how would you fight pacific rim’s giant monsters in the real world?

July 16, 2013

Yes, Pacific Rim is a loud popcorn movie best viewed with your brain operating at half capacity, just enjoying the show without asking any questions. And that’s exactly what makes it fun. This may shock film snobs and critics who review Oscar bait, but not every movie in theaters needs to be an epic character drama that explores the fundamental issues with existence and the human condition, or brutally cataloging a bloody genocide while repeatedly beating its viewers over the head with heavy-handed questions about morals, ethics, free will, and what lurks within us all. At the same time though, big budget Hollywood spectacles with thin plots are usually outsourced to Michael Bay, or directors who emulate his style, who latch on to formulas that even the writers of Adam Sandler and Ben Stiller movies would find too flimsy and groan-inducing, then proceed to viciously drill them into your eyes to a soundtrack of explosions. Pacific Rim was thankfully made by Guillermo del Toro and easily avoids this trap by being a simple and very straightforward little tribute to giant robot vs. giant monster anime many twenty-somethings watched as kids.

But that said, there’s something just not right about humanoid robots brawling with giant beasts sent from another world through an undersea portal called The Breach. Jaegers might deliver a knockout punch to a 30 story Kaiju or pound one over the head with a container ship to give the monster a hell of a concussion, but the mechanics just don’t quite work. Kaijus are fleshy, which means they’re more flexible and heal minor cuts and scrapes quickly. By comparison, a Jaeger would be made of comparatively brittle metal alloys and have to be refurbished after every fight, making it extremely expensive and labor-intensive to operate. When the Kaijus appear every six months or so as they did at the beginning of the war, the cost can be managed. But as the giant brutes keep getting bigger and bigger, and start appearing as often as once a week, resources are quickly going to start running dry, so building ever more Jaegers would quickly become very difficult. No wonder that the bureaucrats who run the world in Pacific Rim want to shut down this once promising program for a wall to keep the Kaijus out. They can’t afford it anymore.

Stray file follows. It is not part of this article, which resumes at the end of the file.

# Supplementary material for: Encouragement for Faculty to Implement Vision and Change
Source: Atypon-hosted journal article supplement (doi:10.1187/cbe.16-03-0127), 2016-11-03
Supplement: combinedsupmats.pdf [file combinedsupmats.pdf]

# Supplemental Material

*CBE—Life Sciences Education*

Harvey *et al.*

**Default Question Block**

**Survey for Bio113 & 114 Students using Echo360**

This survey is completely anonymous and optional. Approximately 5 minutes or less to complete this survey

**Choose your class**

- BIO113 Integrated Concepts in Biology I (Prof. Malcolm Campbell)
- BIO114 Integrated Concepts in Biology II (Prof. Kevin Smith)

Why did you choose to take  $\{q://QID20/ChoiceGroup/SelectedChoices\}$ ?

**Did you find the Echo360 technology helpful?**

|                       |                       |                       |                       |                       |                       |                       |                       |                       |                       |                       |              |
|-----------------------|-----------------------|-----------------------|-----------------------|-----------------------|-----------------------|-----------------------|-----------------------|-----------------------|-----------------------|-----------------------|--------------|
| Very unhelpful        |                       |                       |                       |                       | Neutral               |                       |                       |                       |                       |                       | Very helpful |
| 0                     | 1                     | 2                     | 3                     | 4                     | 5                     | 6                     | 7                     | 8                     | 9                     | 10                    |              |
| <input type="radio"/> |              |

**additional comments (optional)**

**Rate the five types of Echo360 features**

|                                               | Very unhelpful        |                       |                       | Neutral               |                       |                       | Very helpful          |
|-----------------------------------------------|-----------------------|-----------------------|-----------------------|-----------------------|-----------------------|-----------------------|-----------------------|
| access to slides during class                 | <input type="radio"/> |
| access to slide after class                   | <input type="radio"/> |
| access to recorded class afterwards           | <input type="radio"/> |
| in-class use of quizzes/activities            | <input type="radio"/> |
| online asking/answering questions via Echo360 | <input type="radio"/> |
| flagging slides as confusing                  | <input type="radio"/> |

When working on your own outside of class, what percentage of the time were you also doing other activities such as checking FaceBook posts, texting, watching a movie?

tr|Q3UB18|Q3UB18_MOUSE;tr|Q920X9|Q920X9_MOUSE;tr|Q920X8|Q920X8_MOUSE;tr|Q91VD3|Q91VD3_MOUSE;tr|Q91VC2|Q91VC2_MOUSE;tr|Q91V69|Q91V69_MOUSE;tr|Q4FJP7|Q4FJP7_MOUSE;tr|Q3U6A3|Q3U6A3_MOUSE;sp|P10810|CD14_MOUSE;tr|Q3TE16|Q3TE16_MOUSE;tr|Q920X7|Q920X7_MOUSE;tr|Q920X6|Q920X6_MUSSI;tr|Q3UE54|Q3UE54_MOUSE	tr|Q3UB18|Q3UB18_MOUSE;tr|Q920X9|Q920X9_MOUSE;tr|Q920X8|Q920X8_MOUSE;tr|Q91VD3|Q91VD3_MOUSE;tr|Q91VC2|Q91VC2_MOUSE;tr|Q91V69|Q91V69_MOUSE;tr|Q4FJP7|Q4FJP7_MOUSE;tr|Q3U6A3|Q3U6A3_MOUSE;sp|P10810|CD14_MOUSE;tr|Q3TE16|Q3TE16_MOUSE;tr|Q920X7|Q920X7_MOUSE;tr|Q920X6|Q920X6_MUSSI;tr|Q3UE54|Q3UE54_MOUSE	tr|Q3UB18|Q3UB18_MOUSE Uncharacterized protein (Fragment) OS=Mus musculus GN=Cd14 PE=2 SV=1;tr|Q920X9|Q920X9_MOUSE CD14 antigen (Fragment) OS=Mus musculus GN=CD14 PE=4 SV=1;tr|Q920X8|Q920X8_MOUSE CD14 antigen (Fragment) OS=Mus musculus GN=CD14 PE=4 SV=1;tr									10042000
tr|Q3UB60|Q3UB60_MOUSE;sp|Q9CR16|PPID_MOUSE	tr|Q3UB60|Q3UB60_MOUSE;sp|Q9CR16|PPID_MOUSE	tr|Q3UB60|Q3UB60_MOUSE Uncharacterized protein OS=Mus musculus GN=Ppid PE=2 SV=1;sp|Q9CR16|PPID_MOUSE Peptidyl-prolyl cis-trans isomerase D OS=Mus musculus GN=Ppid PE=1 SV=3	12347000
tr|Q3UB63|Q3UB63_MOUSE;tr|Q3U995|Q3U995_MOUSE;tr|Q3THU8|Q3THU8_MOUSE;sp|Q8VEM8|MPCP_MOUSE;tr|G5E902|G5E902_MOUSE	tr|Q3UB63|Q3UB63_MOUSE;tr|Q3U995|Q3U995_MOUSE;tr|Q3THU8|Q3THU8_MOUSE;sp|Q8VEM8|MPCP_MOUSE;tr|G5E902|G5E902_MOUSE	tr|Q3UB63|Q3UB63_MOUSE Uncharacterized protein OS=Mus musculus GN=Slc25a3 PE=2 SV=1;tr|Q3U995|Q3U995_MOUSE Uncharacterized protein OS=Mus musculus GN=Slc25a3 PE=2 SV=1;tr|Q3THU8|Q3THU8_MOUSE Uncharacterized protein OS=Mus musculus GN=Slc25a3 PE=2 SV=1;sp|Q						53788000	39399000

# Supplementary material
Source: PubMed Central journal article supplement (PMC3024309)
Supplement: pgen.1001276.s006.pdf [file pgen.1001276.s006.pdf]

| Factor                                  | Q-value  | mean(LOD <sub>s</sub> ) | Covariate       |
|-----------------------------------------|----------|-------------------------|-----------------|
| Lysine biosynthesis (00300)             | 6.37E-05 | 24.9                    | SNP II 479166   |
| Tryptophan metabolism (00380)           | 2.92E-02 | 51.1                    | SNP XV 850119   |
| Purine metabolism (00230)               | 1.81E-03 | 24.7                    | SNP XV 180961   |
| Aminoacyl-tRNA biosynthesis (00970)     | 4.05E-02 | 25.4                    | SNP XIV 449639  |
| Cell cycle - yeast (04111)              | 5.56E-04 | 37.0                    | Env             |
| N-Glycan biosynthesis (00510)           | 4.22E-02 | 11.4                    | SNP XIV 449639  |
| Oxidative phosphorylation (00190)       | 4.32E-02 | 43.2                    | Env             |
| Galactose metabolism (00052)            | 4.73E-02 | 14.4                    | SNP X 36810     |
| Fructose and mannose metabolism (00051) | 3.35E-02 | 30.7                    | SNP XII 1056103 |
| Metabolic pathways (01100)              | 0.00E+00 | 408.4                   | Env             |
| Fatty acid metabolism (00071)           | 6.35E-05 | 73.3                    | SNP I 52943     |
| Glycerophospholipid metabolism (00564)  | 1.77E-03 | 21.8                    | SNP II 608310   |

Of course one also wonders how they got the Jaegers to be bipedal at such a scale. Walking on two legs is very computationally expensive for a machine that’s as big as a high rise, and even a small bump in the road could send these robots falling, and falling badly. Not only that, but they give the Kaijus excellent points of attack: the ankles and the knees. To truly make their punches count, the Jaeger pilots have to get their robots to behave just like a human fighter and put the core and hips into the blow. Punching in a basic one-two sequence, the weight would swing from leg to leg, so a counter-attack from a Kaiju aimed at the thigh or the side of the knee could send a million tons of robot down hard with its head lined up for a finishing blow from above. You can see the same idea in mixed martial art disciplines which use stomps and side-knees in a clinch to shift an opponent’s weight so you can topple him and get full mount for a well placed elbow, or a swift hammer fist to the side of the head. Jaegers would simply not be flexible enough to survive this sort of assault in the real world. Many much less brittle and more coordinated humans aren’t without at least a little training or a whole lot of mass to counteract the impacts.

For better fight mechanics, I would have designed Jaegers to look more like sumo wrestlers. An extremely wide base either on tracks or hovering with the aid of nuclear powered jet engines, no legs, and stuffed with ranged weaponry to soften up the Kaiju as it charges. Large, thick, heavy arms with huge claws would pummel the monsters at close range and its barrel-like core would spin naturally, so tipping it over or even getting it off-balance would be a Herculean task, even for the fat Category 4 Kaiju which attacks Hong Kong in the movie’s second act. Its hull could be made of something flexible like kevlar to make it tougher for a Kaiju to bite through and diffuse a good deal of the force that would be generated by a direct hit. One could even imagine it pulling off a complicated sequence just by rotating around its axis. For example, it could hit a Kaiju with an enormous left hook starting about 30 degrees left off center, keep spinning until it can follow the punch with a right elbow at between 60 and 120 degrees right off center, and returning back with a left hammer fist and a right hook, using the hits on the Kaiju to redirect its momentum.